We turned the corner into a little Spanish square only to be met by a wall of people. But, those behind us pressed forwards and before we knew it we had been sucked into a crowd of hundreds, packed tight and shuffling in a definite direction.
The noise was a low hum, like something was about to kick off and if it did we’d be right in the thick of it, but then all went quiet. Folk were straining their necks to see, then one fella got on the back of his pal – boy, this must be some spectacle for a guy to give his friend such a good vantage point like that. Hang on, there was another one, and another, and all had had the decency to remove their shoes before clambering to stand on the shoulders of their friends.
We had, in fact, stumbled upon a Castell. So that explains the odd dress code – I thought we’d come across some weird kind of homage to a 70’s disco, with their white trousers and deep satin sashes – although not a porn-star moustache in sight. But as this second tier of a human tower was being formed, those at the base shifted and someone in the huddle issued a signal that gave the green light to keep building. A band began to play.
Young men and women, obviously not old enough to carry the heavy paunches from a lifetime of fried pintxos, climbed nimbly up and took their places upon the shoulders of their stockier lower team mates. This stage moved a lot quicker than the creation of the base Pinya, but the idea is to construct a human tower of 8-10 levels, 3 or 4 people per level, and deconstruct it consecutively without a collapse. So, the next 7 or 8 levels need to move quickly before someone looses their balance.
My heart was in my mouth as the castellars became smaller and younger the higher the tower grew and, whilst these youngsters moved with speed and dexterity, the parents looking on have one hand on their mouth, and one crossing their chest.
Across the Plaza d’Espana was another team in different coloured shirts, watching, waiting for their components to fail so that they themselves could be given an opportunity to perform a more creative castell and succeed.
Since 1712 castells have been a festival tradition in Catalonia and in 2010 UNESCO rightly declared them a Masterpiece Of Intangible Heritage Of Humanity. These teams boast generations of castellers and their pride is tangible – their motto of ‘strength, balance, courage and common sense’ is easy to recognise in their focused expressions. Some teams that compete at the bi-yearly event in Tarragona, Spain, have up to 400 members and build towers 3 stories high. Here in the capital of Mallorca, however, the squad is much smaller but this did nothing to ease my indigestion.
The band kept playing and the final child, enxaneta, climbed like a tarantula up the slightly swaying column of Spaniards. Through the gap in my fingers I just about saw her hand raise in signal, 4 digits to symbolise the stripes on the Catalan flag, then the decent began. This child had no difficulty dismounting her peers and off the human platform she jumped into her proud fathers arms receiving praise and kisses. But, somewhere around the 6th level, like a pre-quake tremor, the wobbling began. The 7th tier was almost deconstructed but before the last child was down the whole tower began to crumble and the band abruptly stopped. Slowly the blur of red and white began to unravel themselves from one another and tangled limbs were returned to their owners.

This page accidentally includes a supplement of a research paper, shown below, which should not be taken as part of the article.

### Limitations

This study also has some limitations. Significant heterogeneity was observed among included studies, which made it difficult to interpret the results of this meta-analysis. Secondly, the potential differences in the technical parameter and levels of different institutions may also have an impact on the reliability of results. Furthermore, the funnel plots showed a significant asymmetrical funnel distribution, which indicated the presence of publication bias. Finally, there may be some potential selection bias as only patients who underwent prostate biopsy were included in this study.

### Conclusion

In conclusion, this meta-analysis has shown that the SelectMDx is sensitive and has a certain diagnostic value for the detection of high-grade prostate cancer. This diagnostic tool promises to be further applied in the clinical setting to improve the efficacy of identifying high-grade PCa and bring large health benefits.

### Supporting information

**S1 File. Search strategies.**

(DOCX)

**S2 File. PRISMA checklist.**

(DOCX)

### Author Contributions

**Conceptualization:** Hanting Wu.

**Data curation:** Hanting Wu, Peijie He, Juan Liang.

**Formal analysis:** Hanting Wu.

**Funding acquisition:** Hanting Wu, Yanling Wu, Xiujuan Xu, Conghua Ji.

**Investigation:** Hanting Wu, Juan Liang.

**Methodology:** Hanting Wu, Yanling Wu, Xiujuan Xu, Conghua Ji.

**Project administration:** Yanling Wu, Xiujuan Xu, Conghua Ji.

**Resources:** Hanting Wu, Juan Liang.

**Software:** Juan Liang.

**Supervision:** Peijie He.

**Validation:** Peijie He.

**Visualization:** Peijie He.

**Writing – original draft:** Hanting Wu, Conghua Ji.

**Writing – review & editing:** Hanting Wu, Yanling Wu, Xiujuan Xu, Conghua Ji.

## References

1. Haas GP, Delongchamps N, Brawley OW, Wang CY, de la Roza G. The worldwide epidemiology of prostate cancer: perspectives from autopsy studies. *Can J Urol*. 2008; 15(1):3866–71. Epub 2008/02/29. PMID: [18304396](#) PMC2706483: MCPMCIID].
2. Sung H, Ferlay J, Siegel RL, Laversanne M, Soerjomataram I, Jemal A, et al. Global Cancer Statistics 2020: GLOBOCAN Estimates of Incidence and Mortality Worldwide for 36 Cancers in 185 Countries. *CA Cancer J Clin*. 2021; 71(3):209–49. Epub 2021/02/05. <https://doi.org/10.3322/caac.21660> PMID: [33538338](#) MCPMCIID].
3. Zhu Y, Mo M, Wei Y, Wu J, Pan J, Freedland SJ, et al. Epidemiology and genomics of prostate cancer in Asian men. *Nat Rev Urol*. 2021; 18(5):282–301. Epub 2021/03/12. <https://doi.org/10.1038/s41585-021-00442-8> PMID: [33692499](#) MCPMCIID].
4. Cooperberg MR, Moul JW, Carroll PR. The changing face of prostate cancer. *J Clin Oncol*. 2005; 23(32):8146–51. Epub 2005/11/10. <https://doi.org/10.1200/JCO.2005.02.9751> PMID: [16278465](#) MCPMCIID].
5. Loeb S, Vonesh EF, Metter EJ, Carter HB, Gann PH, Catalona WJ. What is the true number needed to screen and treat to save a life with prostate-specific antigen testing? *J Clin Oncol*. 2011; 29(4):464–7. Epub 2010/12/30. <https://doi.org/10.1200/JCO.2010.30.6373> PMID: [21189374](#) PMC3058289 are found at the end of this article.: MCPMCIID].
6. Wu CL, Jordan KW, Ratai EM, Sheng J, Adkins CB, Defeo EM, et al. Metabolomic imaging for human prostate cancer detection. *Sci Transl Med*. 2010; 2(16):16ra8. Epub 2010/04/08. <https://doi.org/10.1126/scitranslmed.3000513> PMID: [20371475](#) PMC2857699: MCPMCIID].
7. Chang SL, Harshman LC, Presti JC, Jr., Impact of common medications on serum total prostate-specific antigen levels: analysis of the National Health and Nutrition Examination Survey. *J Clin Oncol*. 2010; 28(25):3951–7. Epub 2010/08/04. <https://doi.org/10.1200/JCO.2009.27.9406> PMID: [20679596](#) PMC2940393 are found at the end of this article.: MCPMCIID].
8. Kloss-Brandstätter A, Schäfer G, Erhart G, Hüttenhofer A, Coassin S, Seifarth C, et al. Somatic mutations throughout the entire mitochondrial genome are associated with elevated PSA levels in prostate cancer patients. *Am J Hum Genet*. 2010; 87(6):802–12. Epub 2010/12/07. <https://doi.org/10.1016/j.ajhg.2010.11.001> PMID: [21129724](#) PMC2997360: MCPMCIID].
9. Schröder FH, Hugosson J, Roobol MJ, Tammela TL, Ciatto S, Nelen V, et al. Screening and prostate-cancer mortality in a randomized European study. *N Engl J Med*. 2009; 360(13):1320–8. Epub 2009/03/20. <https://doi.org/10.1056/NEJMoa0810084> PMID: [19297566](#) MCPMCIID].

Fatalities aren’t a common occurrence in this kind of competition and every team mate was checked quickly for injuries. Everyone was fine and a buzz of friendly banter transmitted from the pack, they’d had a fail but they were still in play and who knew how their competitors would conduct themselves. Just a small distance away a mass of blue and white formed a rugby scrum, the crowd went quiet and it all began again….
I felt a great pride as a spectator to witness this event, albeit by accident, and I will be the first to admit that the level of camaradarie brought a lump to my throat. To think of the hours and commitment that go into the preparation and practise for this kind of skill, and all for the entertainment of others. But that is the beauty of Spain, this isn’t the first time we’ve stumbled across some sort of celebration or custom taking place in a parc or plaza. It’s like each evening holds a serendipitous opportunity to discover a new tradition or custom if you’re just prepared to venture off the beaten track a bit and walk the neighbourhoods the the natives frequent. Spain has a way of honouring its celebrations and customs and it is a magical thing to get caught up in it all – you could turn one corner and witness an impromptu dance-off between stiff limbed pensioners to a marching band, turn another and see a procession of paper-mache floats going up in flames. Tonight it was a tower of humans – a mesmerizing display that will stay with me forever.
Images : Makamuki0